SAMUELS: Oh yeah.
PETRIE: I mean, look at Cagney.
SAMUELS: True. Six months, I figure, a year at the most, and she's got her own Squad.
PETRIE: Mm. And you'll be left without a second whip.
SAMUELS: I'll have to promote someone out of the night shift.
PETRIE: I thought, if I was home during the day, I could spend more time with Lauren.
SAMUELS: And Claudia wouldn't mind having you around a little more.
PETRIE: So what if O'Keefe moves to Delancey?
SAMUELS: And you take over as Sergeant on the midnight shift.
PETRIE: I sounded out O'Keefe.
SAMUELS: I've already run it by Knelman.
(they point at one another and laugh)
[Detectives' Squad room]
MARY BETH: It's partly because I know she means so much to you but ...I don't expect anything from you in return. You understand?
MARY BETH: Morning. Sorry I'm late.
DAVID KEELER: Morning.
MARY BETH: Hi ya, David!
CHRISTINE: Good morning! You're just in time for some ...strange but good news.
MARY BETH: Well, I could use some of the 'Good' variety.
DAVID KEELER: I'd like to represent you at the CCRB. Free choice.
MARY BETH: That's... That's...
CHRISTINE: ...strange. But good.
DAVID KEELER: You'll need a strong lawyer these days. I should know. I've represented a few civilian complainers myself.
MARY BETH: Well... I... Um...
CHRISTINE: Well... He's ...good.
DAVID KEELER: Oh! Thank you.
CHRISTINE: Not at all.
MARY BETH: Well... (Chris makes a questioning nod) I accept.
DAVID KEELER: Good.
MARY BETH: Thank you! (rushing to shake David's hand) Thank you very much!! You wouldn't believe the morning I had, dealing with this so-called Detective Dupnik.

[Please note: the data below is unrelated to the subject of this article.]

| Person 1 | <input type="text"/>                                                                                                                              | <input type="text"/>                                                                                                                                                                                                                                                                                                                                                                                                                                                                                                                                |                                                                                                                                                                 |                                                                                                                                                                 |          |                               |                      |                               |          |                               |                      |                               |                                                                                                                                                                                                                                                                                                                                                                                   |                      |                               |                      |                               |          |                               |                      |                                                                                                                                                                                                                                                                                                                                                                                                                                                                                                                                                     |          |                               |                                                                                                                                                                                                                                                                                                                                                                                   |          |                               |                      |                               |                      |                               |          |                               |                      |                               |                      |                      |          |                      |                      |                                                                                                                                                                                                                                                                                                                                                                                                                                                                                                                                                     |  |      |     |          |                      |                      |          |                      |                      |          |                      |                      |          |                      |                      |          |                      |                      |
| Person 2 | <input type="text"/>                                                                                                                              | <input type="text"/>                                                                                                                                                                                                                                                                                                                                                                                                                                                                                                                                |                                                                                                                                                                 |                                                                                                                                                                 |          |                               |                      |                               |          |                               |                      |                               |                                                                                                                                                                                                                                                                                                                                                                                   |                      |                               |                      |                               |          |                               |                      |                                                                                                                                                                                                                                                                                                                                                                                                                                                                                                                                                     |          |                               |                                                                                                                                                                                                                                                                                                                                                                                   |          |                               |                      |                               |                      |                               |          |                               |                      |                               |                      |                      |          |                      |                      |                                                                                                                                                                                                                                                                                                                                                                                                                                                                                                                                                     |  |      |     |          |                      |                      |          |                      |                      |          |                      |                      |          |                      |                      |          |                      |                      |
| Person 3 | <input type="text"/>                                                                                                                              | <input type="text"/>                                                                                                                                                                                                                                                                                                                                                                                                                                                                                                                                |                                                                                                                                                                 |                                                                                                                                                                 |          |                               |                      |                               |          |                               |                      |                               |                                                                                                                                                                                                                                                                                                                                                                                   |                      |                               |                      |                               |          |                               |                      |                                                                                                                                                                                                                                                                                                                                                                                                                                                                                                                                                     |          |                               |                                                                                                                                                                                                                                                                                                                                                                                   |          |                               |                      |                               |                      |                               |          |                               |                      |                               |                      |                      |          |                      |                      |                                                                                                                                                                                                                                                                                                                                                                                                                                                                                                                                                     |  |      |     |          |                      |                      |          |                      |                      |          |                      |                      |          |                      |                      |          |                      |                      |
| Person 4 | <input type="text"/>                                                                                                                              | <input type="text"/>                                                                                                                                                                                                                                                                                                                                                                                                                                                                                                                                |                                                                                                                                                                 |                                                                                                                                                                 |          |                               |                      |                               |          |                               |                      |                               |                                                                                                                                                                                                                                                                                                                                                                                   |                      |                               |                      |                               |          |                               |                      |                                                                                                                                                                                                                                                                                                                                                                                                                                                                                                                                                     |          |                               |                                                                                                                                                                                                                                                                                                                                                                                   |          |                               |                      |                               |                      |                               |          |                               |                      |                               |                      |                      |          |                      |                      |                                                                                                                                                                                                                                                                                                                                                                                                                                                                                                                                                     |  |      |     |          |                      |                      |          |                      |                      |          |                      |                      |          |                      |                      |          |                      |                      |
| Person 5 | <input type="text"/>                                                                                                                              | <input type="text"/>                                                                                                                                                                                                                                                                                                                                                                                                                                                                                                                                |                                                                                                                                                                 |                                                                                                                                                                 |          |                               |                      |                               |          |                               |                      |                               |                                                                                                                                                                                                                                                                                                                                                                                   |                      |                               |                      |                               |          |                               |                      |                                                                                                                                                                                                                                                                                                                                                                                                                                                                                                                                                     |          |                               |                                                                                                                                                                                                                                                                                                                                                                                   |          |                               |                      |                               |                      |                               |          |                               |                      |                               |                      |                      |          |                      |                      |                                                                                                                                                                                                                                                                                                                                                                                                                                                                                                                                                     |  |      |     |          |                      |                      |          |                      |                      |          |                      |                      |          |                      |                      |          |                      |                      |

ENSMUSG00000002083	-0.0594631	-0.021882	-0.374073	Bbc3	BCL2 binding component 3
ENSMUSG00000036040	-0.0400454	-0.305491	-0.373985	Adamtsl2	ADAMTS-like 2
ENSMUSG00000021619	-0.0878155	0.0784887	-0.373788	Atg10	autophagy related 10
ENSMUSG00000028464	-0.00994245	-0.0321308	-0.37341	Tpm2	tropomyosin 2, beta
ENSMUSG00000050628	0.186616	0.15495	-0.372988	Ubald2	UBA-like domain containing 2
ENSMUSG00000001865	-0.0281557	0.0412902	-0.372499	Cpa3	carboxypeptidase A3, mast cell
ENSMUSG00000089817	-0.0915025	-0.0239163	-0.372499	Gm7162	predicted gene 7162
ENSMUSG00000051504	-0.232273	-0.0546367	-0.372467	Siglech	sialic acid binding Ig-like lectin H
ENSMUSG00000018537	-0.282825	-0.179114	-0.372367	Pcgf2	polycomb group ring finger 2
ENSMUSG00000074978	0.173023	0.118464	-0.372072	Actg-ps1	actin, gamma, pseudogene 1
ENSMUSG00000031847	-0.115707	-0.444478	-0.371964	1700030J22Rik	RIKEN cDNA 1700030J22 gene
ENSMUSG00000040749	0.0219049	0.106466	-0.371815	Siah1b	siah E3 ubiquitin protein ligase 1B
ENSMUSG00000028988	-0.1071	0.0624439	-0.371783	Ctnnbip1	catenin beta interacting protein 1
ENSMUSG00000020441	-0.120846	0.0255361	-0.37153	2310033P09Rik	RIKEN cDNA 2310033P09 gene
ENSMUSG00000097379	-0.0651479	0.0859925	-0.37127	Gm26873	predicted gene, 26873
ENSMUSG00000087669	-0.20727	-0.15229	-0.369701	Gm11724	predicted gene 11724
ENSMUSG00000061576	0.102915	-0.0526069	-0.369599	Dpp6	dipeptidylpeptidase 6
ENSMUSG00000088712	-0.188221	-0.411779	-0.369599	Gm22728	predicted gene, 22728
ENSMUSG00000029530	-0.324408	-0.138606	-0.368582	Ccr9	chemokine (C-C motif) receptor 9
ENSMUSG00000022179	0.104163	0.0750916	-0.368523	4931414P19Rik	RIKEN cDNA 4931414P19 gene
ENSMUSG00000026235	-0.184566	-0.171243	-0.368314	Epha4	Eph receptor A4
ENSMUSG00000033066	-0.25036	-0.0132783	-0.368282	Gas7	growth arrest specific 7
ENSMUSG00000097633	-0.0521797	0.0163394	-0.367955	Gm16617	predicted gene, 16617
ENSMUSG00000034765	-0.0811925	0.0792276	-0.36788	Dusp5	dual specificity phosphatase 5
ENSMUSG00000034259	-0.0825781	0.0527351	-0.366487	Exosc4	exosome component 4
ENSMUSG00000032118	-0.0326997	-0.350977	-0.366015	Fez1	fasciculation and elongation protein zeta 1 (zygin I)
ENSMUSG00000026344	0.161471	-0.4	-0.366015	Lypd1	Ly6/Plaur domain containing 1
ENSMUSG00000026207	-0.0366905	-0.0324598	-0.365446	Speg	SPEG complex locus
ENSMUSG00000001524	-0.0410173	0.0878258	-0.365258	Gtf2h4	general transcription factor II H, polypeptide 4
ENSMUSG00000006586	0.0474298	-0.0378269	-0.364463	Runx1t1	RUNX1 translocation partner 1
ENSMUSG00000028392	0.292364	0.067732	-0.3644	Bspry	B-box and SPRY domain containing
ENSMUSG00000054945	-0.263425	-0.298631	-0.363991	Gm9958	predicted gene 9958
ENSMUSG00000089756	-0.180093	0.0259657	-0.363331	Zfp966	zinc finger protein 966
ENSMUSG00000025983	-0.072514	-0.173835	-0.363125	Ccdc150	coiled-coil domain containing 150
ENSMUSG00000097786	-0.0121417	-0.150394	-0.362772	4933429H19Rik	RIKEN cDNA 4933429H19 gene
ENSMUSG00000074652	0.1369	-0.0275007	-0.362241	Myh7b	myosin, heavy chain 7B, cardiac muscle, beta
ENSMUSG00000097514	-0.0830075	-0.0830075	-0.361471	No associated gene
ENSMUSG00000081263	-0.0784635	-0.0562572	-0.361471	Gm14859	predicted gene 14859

DAVID KEELER: Excuse me, Sergeant.
(David Keeler takes Mary Beth off)
SAMUELS: (coming up) Cagney! Two things. One. Where is the DD5 cross-reference file?
CHRISTINE: You want it?
SAMUELS: Of course!
CHRISTINE: I forgot.
SAMUELS: Well, stop smiling! On my desk. Tomorrow by noon. You hear?! No excuses.
CHRISTINE: Yes, Lieutenant.
SAMUELS: No excuses!
CHRISTINE: Yes, Lieutenant.
SAMUELS: Two. What is happening with this Cosmo?
CHRISTINE: Well, I think he's stepped into a sewer and floated away under the streets. The only possibility we have is his boyfriend. I think he may be hiding.
SAMUELS: Have you got enough for a search warrant?
CHRISTINE: No. But we could stake out his apartment.
SAMUELS: No way! I can't take three teams off the schedule.
CHRISTINE: Well, I know he's in contact...
BERNICE: (coming up to Samuels) Excuse me, Lieutenant.
SAMUELS: No, no, no. Sorry. Wait a sec. (to Chris) Three seconds ago you said you had a feeling. All right?! You put pressure on the boyfriend to co-operate. Or you and Lacey watch him as much as you can yourself.
BERNICE: It's Inspector Knelman about that report.
SAMUELS: All right.
CHRISTINE: (shouting after Samuels) Lacey's got her CCRB tomorrow! (to herself) I couldn't ask her to do night watch.
CHRISTINE: Either Eric's asleep or he's doing push ups in the dark.
MARY BETH: (looking at some documents) Well, let's hope he's waiting on Cosmo.
CHRISTINE: Thanks for doing this.
MARY BETH: That's OK. I need a quiet place to go over this stuff anyway. Everybody at home is biting each other's heads off. You know, the more that I looked at this thing, the more I needed David to come along.
CHRISTINE: I checked the computer. I didn't find anything.
MARY BETH: Oh, thanks for trying. There's nothing there. Dupnik already checked.
CHRISTINE: Yeah, but the man has the mind of a gnat! He probably didn't spell Benson right. (Mary Beth smiles) Besides the computer can't do any more.
MARY BETH: That's all right.